Graduation Year


Date of Submission


Document Type

Campus Only Senior Thesis

Degree Name

Bachelor of Arts


Science and Management

Reader 1

Donald A. McFarlane

Reader 2

Juan F. Moreno

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Rights Information

© 2022 Mikaela A Lipsky


The American opioid epidemic (1997 - present) has continued to ravage the United States, with its most acute impacts being witnessed in the towns and counties of Appalachia. OxyContin (a semi-synthetic opioid) was released by Purdue Pharma in 1996 and is largely to blame for the epidemic, as its release overlapped with changes in the medical system that encouraged the prescription of opioids for acute and even moderate pain management. Meanwhile, the Appalachian Mountains were beginning to see changes, as a new type of mining, Mountaintop Removal Mining (MTRM), introduced in the 1970s, was changing the economic landscape of the region. This thesis examines the connection between the environmental degradation caused by MTRM and its effect on the opioid epidemic. It was predicted that MTRM propagated the opioid epidemic in Appalachia due to its destabilization of the local economy and the effects that the environmental damage had on the community’s mental health. In order to test this, data was collected from a variety of databases and supported by additional field research. Data were analyzed in Excel and PAST4 for four primary variables; opioid overdose rate, number of coal mining jobs, unemployment rates, and rates of depression. While not all tests demonstrated statistical significance, published literature supports the idea that high unemployment rates due to MTRM contributed to a lack of financial stability and a sense of desperation that exacerbated drug diversion. Additionally, psychoterratic syndromes (earth-related illnesses) due to environmental destruction played a role in the reliance on OxyContin. The complexities present in the development and perpetuation of the opioid epidemic not only serve as a reminder of the connections between the natural world and human health, but as a way to hold the corporations and policies at play accountable for the harm they caused.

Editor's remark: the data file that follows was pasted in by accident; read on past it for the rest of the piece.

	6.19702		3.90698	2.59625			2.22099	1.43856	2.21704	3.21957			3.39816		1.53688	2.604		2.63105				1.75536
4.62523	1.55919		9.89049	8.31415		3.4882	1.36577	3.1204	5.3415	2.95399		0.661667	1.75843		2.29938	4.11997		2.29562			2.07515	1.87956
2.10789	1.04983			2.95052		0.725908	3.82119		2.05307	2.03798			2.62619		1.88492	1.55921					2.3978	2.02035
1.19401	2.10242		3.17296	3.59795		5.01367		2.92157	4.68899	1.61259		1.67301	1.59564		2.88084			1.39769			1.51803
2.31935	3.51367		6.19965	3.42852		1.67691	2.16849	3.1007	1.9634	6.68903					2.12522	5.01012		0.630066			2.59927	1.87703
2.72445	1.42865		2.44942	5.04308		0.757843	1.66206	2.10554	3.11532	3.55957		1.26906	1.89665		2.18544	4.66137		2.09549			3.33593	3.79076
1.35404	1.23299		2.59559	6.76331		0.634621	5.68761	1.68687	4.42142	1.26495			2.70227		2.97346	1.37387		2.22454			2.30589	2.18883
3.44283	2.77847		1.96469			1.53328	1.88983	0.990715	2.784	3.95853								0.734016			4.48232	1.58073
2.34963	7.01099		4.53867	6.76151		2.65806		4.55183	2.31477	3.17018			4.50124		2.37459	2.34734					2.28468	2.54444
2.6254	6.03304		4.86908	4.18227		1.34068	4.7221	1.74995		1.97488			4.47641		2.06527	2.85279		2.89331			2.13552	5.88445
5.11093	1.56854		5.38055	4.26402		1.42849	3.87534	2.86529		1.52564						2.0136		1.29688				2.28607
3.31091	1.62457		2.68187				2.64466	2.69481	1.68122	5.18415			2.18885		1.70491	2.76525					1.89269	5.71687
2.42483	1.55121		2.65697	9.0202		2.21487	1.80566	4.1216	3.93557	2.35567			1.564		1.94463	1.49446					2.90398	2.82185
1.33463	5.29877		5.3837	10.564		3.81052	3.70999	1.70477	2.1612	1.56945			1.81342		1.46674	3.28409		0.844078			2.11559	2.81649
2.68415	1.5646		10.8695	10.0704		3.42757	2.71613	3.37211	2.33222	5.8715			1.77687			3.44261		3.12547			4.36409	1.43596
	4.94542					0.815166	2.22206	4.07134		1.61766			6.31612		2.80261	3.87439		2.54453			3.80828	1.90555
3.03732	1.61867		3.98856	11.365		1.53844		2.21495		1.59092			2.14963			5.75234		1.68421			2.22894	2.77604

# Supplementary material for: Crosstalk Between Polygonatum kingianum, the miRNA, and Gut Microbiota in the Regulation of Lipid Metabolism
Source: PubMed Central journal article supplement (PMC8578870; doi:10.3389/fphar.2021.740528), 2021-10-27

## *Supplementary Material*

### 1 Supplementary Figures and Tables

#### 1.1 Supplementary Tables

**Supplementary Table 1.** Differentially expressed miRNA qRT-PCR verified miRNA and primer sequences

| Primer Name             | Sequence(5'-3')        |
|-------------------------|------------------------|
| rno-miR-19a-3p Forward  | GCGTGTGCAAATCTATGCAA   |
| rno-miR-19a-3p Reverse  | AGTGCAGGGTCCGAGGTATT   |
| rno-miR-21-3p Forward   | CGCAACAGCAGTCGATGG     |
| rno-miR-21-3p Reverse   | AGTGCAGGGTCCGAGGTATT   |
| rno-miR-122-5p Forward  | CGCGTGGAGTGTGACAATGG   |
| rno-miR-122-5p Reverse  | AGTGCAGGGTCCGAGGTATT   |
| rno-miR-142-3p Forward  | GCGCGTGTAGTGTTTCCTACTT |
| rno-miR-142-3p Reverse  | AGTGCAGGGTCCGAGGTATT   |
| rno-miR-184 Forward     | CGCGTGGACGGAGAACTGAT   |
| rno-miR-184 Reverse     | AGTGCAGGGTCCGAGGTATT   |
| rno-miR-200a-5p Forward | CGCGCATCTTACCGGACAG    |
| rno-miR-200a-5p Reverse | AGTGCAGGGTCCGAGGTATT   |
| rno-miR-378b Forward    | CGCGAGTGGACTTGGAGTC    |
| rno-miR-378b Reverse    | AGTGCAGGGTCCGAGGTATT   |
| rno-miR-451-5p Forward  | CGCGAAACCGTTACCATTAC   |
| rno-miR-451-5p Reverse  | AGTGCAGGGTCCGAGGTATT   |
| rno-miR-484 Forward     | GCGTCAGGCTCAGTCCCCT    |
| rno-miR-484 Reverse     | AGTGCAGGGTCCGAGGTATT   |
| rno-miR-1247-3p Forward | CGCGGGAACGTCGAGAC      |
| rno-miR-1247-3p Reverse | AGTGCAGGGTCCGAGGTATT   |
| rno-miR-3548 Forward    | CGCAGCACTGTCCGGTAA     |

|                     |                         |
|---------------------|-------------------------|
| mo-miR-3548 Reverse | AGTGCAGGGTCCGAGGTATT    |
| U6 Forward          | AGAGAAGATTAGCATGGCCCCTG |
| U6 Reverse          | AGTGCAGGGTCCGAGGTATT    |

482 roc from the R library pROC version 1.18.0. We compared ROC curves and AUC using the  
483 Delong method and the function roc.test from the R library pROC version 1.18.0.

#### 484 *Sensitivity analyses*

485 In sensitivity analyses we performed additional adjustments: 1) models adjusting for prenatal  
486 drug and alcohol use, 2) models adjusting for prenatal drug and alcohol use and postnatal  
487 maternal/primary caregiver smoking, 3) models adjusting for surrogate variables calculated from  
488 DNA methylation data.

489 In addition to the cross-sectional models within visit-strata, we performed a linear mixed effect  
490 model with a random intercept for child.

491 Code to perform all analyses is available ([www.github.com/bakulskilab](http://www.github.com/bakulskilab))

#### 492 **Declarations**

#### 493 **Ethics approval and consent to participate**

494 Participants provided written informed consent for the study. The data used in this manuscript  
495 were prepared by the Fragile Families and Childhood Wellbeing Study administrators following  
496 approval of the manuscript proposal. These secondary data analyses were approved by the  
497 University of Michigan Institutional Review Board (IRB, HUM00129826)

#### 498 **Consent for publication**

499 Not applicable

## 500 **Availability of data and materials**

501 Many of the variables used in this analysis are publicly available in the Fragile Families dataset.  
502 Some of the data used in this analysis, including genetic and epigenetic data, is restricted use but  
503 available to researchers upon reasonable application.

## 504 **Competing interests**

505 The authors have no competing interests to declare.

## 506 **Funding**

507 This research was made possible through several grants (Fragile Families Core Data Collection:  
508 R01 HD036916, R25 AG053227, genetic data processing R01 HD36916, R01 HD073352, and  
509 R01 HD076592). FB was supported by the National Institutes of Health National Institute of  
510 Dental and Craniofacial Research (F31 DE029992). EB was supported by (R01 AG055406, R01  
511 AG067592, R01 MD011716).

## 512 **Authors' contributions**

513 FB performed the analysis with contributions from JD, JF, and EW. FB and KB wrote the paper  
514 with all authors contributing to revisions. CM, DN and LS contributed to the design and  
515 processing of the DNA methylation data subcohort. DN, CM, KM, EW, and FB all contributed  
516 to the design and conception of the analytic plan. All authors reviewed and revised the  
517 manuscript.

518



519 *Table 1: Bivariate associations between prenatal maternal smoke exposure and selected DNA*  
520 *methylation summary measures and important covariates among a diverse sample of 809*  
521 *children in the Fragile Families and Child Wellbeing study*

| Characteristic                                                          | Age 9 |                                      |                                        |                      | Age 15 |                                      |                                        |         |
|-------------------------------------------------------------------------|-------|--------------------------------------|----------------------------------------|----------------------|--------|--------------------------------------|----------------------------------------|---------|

This thesis is restricted to the Claremont Colleges current faculty, students, and staff.